The big virtual desktop vendors -- Citrix Systems, VMware and Microsoft -- get all the attention, but individual
requirements may lead an IT manager to choose from among the many other companies that sell this software -- often at lower prices and with good results.
The desktop virtualization space is still muddy, but the market has reached a point where enterprises that don't have an overly complex set of requirements can adopt server-hosted desktop virtualization with little risk, said Simon Bramfitt, an analyst at Burton Group in Midvale, Utah.
"There are some interesting alternatives that are worth looking at if you are willing to look a little further afield," he said.
One option comes from NComputing in Redwood City, Calif. NComputing's access device and built-in software plug into a PC and divvy up that PC's resources among multiple simultaneous users.
Basically, when a user signs into his desktop, a UXP communications protocol sends the desktop images, video and audio to the access device, which is a small, low-watt, lightweight box that plugs into the user's peripherals on one end and to the shared PC on the other.
Jim Rich, an IT director at an automotive sales company in Redding, Calif., is testing NComputing's gear. His take so far? "It isn't too bad," he said. "It makes basic computing and Web surfing an easy task for a virtual system. The ease of setting up the client is great."
Rich said he likes that the product is for computers that are located geographically close to one another. After all, NComputing users are tied to their terminals, whereas with some other hosted desktop offerings, such as XenDesktop, users can sign into their virtual desktops from any PC or device.
But the acquisition cost is far lower than options from Citrix or VMware, at just around $70 per device.
Desktop as a service
Another option comes from Desktone Inc. in Chelmsford, Mass., which claims to have coined the term "desktop as a service" (DaaS). The service lets companies circumvent infrastructure requirements by delivering virtual desktops as a subscription. IBM started selling the service a few months ago.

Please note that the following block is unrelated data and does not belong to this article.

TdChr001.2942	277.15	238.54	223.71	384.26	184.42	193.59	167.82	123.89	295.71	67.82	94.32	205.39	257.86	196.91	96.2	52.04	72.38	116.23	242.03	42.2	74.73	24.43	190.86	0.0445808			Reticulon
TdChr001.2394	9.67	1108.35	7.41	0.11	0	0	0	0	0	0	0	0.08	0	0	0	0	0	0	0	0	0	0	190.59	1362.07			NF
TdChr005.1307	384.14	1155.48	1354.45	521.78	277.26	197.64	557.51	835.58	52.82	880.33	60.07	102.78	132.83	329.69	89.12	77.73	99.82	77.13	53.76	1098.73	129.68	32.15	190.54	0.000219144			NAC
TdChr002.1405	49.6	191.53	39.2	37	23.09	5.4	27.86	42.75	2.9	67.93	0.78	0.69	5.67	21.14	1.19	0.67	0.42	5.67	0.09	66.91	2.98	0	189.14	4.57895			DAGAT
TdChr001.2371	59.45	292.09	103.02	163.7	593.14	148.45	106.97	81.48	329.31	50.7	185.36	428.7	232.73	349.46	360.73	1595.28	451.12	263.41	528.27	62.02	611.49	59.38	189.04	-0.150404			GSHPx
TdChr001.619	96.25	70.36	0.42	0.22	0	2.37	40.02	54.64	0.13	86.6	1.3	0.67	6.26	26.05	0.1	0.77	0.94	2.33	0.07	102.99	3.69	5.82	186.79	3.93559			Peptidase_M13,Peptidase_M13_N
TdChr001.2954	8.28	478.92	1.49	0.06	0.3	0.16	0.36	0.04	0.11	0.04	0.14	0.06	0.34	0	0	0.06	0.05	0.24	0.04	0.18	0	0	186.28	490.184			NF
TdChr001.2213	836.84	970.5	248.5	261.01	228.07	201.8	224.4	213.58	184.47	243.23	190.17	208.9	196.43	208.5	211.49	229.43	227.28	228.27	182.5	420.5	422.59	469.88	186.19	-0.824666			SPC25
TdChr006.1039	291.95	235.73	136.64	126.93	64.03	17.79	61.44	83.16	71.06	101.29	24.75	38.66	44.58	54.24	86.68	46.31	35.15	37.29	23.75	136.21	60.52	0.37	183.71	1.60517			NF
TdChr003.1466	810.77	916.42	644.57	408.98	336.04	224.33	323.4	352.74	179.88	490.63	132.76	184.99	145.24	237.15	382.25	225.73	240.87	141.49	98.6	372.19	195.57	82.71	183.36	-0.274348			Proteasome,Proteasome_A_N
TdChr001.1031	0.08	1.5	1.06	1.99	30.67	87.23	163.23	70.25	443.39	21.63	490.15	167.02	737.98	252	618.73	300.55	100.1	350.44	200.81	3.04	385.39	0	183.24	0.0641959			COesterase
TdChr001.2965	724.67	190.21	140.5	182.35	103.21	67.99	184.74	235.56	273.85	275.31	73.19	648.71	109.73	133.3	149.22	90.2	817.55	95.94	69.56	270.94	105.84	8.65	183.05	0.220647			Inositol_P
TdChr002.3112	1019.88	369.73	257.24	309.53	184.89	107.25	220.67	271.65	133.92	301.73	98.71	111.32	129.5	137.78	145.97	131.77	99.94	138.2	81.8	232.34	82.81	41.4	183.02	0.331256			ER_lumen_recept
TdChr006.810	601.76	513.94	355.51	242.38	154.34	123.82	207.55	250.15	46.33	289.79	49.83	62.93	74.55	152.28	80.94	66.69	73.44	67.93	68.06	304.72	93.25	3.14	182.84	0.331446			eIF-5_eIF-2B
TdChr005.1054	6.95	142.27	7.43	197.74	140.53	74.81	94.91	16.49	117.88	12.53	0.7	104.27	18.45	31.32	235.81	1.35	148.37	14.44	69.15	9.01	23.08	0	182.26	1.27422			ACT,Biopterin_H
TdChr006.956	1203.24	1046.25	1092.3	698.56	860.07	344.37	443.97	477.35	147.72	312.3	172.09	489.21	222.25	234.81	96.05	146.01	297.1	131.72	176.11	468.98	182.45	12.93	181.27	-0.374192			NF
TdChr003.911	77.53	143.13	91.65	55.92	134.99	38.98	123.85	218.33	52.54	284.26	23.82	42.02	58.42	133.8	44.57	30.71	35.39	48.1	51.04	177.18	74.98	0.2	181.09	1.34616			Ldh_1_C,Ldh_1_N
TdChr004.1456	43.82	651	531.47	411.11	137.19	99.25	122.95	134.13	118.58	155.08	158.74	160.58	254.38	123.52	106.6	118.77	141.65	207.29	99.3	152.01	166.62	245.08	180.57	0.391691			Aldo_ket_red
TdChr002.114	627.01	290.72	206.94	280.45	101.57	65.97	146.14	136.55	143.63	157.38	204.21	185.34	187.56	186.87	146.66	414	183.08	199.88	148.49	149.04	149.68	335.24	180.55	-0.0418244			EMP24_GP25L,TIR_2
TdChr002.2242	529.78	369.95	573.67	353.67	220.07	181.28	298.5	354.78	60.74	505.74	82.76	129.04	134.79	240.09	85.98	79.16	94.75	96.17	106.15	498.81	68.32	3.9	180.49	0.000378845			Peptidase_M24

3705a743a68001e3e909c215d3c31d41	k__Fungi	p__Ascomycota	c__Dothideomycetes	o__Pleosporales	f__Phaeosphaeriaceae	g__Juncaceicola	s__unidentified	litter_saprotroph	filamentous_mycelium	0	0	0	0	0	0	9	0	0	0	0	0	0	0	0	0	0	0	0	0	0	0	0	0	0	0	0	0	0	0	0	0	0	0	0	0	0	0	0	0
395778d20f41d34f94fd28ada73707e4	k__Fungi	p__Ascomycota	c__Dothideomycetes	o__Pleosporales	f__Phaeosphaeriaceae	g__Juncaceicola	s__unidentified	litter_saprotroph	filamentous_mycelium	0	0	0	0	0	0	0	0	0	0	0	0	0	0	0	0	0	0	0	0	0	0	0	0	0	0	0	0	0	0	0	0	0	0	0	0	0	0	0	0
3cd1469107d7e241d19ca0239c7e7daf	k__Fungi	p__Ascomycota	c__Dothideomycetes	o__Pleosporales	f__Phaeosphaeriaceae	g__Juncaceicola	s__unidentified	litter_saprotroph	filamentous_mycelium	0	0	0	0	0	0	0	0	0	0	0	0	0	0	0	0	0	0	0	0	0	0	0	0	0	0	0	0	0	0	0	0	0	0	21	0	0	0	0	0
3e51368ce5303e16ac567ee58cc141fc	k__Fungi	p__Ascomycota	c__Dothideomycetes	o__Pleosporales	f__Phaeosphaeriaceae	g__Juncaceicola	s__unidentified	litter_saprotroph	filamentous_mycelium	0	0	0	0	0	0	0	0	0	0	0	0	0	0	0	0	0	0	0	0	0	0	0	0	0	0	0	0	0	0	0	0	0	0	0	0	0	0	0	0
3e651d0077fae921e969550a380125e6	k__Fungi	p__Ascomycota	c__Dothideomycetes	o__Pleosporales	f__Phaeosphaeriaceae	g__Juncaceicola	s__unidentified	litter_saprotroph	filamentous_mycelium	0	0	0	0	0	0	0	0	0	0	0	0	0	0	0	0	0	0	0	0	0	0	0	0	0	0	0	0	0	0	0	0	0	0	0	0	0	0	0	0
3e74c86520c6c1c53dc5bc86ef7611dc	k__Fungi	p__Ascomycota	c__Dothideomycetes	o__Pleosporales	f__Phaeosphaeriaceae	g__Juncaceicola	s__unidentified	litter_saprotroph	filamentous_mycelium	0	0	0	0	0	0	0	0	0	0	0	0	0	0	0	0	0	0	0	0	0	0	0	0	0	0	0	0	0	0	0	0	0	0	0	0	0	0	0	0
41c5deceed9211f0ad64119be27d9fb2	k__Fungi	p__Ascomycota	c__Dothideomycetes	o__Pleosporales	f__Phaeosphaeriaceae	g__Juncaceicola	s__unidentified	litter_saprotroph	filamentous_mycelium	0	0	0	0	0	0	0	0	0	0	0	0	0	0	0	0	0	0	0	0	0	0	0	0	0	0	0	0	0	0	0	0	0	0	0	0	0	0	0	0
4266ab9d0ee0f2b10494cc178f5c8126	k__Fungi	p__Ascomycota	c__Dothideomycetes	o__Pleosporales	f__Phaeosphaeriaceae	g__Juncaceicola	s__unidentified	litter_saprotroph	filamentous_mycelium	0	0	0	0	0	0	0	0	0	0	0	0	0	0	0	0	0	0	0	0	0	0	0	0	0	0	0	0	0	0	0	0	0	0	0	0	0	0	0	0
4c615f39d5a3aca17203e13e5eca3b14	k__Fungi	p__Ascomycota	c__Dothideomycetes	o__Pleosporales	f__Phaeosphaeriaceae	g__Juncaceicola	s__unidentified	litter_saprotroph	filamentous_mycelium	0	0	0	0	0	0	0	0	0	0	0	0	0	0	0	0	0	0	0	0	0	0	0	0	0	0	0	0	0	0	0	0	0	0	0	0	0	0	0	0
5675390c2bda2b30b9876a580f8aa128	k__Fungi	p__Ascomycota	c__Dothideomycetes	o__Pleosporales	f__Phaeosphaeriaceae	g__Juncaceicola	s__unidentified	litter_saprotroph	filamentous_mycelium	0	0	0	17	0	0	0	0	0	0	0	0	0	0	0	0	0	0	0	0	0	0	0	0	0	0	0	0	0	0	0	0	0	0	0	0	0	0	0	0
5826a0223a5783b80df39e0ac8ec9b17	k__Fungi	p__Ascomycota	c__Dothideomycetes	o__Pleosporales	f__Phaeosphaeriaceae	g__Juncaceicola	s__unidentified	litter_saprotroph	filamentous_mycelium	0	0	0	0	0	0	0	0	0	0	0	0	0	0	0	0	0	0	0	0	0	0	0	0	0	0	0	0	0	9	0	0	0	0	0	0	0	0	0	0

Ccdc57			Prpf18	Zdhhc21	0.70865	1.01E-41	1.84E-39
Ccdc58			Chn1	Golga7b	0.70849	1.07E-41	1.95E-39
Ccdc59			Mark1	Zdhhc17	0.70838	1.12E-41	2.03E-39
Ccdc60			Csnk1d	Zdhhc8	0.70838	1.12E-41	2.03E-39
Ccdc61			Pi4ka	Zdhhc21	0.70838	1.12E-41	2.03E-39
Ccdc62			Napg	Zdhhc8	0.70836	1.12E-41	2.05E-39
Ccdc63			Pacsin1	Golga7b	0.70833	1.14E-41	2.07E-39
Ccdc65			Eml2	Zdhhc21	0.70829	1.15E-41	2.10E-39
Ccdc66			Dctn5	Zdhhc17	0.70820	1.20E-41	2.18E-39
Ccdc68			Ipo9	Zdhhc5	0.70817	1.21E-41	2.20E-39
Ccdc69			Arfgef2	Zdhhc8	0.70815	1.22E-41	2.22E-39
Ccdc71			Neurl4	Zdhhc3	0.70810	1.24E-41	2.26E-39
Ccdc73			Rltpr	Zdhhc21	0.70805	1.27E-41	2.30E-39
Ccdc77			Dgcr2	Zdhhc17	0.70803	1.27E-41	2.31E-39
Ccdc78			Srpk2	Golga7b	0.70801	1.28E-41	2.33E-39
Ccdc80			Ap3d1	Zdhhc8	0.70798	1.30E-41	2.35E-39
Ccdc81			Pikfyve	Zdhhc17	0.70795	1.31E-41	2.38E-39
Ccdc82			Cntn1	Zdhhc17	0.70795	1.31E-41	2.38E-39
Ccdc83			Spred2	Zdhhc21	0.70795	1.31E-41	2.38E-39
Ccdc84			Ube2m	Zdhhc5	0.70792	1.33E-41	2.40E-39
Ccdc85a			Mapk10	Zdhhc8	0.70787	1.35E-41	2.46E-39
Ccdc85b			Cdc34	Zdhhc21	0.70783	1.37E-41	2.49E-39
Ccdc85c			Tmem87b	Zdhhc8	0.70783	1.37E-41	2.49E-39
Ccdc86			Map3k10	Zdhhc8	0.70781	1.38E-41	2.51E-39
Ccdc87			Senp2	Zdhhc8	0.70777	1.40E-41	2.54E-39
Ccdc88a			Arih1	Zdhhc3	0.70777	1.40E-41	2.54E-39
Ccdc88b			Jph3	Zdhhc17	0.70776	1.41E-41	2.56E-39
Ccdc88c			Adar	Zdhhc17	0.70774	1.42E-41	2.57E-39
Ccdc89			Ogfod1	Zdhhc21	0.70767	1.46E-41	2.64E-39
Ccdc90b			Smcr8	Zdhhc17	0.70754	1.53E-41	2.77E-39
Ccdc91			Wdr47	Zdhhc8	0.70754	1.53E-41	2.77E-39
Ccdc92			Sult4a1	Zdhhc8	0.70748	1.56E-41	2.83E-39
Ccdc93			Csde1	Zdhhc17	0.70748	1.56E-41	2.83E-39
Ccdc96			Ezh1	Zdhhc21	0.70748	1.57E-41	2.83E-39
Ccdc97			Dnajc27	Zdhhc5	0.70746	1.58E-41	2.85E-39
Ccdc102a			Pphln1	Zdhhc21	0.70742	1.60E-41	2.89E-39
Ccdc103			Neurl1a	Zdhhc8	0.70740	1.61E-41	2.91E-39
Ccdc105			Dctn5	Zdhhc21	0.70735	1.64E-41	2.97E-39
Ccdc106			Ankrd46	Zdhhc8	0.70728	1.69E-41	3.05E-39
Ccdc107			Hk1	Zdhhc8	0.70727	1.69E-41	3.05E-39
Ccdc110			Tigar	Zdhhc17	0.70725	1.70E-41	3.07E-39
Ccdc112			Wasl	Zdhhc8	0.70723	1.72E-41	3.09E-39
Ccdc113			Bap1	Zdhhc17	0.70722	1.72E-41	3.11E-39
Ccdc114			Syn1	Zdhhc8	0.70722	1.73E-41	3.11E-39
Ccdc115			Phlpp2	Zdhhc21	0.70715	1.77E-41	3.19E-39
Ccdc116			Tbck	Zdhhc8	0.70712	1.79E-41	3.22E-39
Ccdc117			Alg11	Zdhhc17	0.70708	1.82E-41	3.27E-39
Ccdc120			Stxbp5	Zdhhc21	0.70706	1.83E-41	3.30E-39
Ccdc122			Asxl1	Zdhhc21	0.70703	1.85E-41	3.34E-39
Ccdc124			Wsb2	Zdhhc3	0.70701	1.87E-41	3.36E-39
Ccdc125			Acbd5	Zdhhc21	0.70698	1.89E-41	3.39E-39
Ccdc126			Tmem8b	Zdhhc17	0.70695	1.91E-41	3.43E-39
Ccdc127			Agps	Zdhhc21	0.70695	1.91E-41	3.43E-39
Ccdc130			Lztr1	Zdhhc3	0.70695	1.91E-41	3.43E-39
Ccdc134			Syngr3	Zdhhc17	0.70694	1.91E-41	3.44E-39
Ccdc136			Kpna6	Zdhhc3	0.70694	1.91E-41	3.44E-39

A basic offering includes a specific number of hosted virtual desktops normally priced between $50 and $75 per month, per desktop. The service provider supplies the physical resources on which the virtual desktops run, and the enterprise brings the operating system images, licenses, applications and data, according to Desktone.
"We have a compelling model for companies that are looking at VDI [virtual desktop infrastructure] and considering spending millions of dollars in infrastructure to support it," said Jeff Fisher, Desktone's senior director of strategic direction. "Instead of going to their CFO to get the funds and then have to manage it, they can go to a service provider like IBM and let them pay for the infrastructure. It eliminated the worry about capex [capital expenditures] and management."
One expert said the DaaS concept is a good idea but hasn't yet taken off.
"The idea that a cable provider can offer a thin client and they take care of all the administration and infrastructure sounds enormously appealing," said Gordon Haff, an analyst at Illuminata Inc. in Nashua, N.H. "No one seems to have pushed on it very hard, and I'm not entirely sure why. ... It seems like a promising business model."
More virtual desktop options
And if cloud isn't your thing, there are other ways to deliver hosted virtual desktops.
IT managers are hesitant to choose Sun Microsystems' virtual desktop software because of uncertainty regarding Sun's unfinished acquisition by Oracle, Bramfitt said. That said, Sun continues adding to its line of desktop virtualization products and new versions of its Sun VDI software. Recently, the company launched the Sun Desktop Access Client, which lets employees use their existing Windows laptops or desktop PCs instead of Sun Ray thin clients.
Quest Software in Alisa Viejo, Calif., sells vWorkspace, which is probably one of the more visible and mature products in the market. Virtual Bridges, LeoStream and RingCube Technologies are other names in the game.
Quest Software's vWorkspace was a Best of VMworld 2008 finalist for its desktop virtualization offering, which uses VMware Virtual Infrastructure to create hosted desktops, including VM management and monitoring capabilities, application delivery and more.
Virtual Bridges is an Austin, Texas-based company that uses open-source standards to provide virtual desktops and managed desktops, using a client-side hypervisor.
LeoStream provides a vendor-agnostic Connection Broker that connects end users to physical and virtualized desktops, Terminal Server sessions and applications.
Mountain View, Calif.-based RingCube's vDesk is a "workspace virtualization" product that sits between application virtualization and hypervisor-based virtualization. It encapsulates an entire computing workspace, which includes everything above the operating system kernel -- applications, data, settings and any nonprivileged OS subsystems to deliver a Windows desktop.
And while any of those hosted virtual desktop offerings will improve desktop management, IT managers should be wary of any vendor claims at achieving huge cost reductions. "Unless they are transitioning from an unmanaged or only lightly managed desktop environment, they should not expect to see the dramatic ROI figures that some vendors are claiming," Burton Group's Bramfitt said.
"As ever, there are exceptional conditions where worthwhile ROI can be achieved, but unless an organization can measure the broader opportunities that a more agile and flexible desktop computing environment can bring, ROI under 18 months is hard to imagine," he said.
Let us know what you think about the story; email Bridget Botelho, News Writer.